“The science programs at Newman are top-notch, and I felt very prepared when I arrived at Notre Dame,” Hoover said. “Newman was absolutely pivotal for my current research success.”

Hoover credits the science courses and professors at Newman, who “are deeply committed to their students’ success.”

She continued, “My research experiences at Newman greatly prepared me for a career in scientific research by giving me hands-on experience that allowed me to feel confident and comfortable when I entered graduate school. I also took a Newman Studies Program course on the art and craft of happiness taught by Dr. Michael Duxler, which introduced me to mindfulness and meditation, two techniques that are critical to my current success.

“To put it simply, Newman changed the course of my life. I also met my husband at Newman and would not have been able to finish my bachelor’s degree or be so successful in my Ph.D. without his support.”

Newman changed the course of my life.

The science programs at Newman are top-notch, and I felt very prepared when I arrived at Notre Dame.

Camden Hoover

Although women are still “vastly underrepresented in the science, technology, engineering and math (STEM) workforce,” according to, the number of female STEM workers has increased from 8% in 1970 to 27% in 2019.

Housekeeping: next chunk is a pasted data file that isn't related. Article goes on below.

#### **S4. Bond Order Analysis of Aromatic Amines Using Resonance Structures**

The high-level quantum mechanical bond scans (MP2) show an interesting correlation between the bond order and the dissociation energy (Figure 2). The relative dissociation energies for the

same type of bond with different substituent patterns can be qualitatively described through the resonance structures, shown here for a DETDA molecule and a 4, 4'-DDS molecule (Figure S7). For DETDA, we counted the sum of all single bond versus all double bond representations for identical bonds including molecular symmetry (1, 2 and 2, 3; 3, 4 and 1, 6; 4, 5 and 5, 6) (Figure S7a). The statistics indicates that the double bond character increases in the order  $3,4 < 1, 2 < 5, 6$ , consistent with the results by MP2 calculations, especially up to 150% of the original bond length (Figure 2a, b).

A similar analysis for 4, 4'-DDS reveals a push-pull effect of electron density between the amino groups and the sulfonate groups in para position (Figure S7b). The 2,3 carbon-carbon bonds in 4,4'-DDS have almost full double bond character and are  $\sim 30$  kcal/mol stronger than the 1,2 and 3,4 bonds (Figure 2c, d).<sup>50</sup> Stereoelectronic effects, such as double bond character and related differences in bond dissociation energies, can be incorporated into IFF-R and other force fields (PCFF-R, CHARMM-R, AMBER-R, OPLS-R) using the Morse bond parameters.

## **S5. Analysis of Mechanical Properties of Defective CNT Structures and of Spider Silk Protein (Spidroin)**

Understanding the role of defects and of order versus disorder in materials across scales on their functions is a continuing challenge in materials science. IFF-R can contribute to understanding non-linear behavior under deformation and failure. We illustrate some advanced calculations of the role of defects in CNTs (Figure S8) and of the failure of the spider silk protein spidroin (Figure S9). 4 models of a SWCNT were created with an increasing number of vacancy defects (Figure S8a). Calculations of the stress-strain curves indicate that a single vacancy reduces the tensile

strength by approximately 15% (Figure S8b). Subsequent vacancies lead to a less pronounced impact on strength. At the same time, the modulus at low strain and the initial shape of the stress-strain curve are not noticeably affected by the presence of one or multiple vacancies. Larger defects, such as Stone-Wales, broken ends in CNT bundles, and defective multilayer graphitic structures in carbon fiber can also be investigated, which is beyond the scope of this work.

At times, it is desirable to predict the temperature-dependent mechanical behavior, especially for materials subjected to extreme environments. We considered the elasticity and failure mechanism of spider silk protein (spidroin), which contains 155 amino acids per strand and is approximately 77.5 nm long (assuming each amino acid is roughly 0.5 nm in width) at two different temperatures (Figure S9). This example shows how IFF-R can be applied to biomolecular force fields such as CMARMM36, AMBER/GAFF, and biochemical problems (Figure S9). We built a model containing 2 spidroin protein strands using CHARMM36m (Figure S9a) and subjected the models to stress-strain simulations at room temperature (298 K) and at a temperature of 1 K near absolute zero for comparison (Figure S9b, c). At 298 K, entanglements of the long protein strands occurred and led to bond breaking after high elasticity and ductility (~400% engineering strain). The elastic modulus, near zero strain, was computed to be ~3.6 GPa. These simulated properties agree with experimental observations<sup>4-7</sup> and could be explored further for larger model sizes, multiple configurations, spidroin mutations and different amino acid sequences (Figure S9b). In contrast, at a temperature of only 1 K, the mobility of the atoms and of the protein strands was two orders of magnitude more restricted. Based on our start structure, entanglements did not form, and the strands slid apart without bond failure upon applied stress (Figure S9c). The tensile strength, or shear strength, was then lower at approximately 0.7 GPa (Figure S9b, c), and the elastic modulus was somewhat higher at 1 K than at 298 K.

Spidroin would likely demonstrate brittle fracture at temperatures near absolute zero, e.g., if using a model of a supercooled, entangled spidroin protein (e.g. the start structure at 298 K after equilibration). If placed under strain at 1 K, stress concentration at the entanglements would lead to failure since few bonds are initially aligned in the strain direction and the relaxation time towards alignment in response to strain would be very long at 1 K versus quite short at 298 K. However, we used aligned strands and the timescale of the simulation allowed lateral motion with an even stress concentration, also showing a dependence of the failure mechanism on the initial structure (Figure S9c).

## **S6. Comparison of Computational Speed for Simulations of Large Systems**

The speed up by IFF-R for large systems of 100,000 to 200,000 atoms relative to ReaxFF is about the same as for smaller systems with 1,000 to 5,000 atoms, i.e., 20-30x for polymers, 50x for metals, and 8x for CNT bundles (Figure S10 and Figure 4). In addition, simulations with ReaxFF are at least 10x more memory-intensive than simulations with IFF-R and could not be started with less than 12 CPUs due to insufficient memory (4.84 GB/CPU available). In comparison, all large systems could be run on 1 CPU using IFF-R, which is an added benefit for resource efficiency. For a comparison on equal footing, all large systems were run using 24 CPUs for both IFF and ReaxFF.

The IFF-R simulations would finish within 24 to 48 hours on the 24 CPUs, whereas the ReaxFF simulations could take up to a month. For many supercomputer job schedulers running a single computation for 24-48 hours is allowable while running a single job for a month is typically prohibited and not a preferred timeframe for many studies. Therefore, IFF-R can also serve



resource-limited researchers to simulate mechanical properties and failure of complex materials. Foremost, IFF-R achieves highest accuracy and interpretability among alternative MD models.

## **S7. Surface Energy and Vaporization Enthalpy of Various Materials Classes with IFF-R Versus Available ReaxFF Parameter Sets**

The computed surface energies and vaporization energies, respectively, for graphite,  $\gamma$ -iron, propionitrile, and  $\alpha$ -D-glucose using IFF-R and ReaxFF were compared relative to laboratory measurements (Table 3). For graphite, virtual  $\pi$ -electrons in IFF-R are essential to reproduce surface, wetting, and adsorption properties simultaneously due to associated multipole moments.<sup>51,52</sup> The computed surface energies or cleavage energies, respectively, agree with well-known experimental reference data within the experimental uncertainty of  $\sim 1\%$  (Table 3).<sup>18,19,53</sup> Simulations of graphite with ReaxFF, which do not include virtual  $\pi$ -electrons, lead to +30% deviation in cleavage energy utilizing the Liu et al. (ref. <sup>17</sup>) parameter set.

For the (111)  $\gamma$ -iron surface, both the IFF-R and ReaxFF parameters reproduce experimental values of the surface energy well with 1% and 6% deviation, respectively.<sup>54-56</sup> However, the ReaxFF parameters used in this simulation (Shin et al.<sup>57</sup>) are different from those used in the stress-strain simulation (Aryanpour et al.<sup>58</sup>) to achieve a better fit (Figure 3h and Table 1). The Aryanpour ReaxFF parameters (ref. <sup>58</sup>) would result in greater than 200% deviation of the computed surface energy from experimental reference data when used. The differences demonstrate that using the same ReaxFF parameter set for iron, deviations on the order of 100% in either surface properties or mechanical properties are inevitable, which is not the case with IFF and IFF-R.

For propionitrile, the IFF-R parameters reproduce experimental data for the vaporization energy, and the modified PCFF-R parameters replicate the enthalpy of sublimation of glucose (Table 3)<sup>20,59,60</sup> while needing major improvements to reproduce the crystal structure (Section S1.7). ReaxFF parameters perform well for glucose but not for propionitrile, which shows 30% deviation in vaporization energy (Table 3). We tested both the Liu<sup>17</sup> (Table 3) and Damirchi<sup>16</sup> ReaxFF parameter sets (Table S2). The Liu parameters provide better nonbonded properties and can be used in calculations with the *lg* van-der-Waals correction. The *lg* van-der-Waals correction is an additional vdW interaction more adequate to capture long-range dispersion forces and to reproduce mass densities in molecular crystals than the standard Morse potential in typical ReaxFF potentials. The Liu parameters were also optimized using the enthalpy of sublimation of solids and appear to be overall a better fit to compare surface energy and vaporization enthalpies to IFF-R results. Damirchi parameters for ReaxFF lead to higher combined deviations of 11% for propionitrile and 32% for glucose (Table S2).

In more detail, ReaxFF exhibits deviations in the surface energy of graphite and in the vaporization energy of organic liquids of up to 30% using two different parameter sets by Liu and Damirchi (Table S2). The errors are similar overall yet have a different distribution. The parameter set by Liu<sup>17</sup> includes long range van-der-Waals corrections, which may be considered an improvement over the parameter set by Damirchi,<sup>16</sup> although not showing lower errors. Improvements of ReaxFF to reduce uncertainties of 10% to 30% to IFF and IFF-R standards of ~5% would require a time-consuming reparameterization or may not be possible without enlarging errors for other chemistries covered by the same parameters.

For Hoover, finding exemplary women in STEM was “paramount” to her success, she said.

“I was originally intimidated to reach out to these women for advice or even just to chat, but once I started contacting them — with the help of my professors at Newman — it became clear that there is a large network of women around the world who want to help each other succeed. 

“STEM is not an easy field to enter into or continue being successful in. Women in STEM careers know this and are often very willing to chat with trainees. Use the connections you have to reach out to other women in STEM as often as possible.”

Hoover said she welcomes inquiries via email for any aspiring scientists who would like to connect. She is also actively looking for Ph.D.-level jobs in Wichita and is open to any opportunities or connections.

To current students, Hoover offers valuable advice.

“The hard work really does pay off,” she said. “Use the resources and mentors available to you. Show up every day and do your best, even if you’re just doing mundane tasks like taking out the trash. That sort of integrity and work ethic will only ever be beneficial to you in your schooling and career.”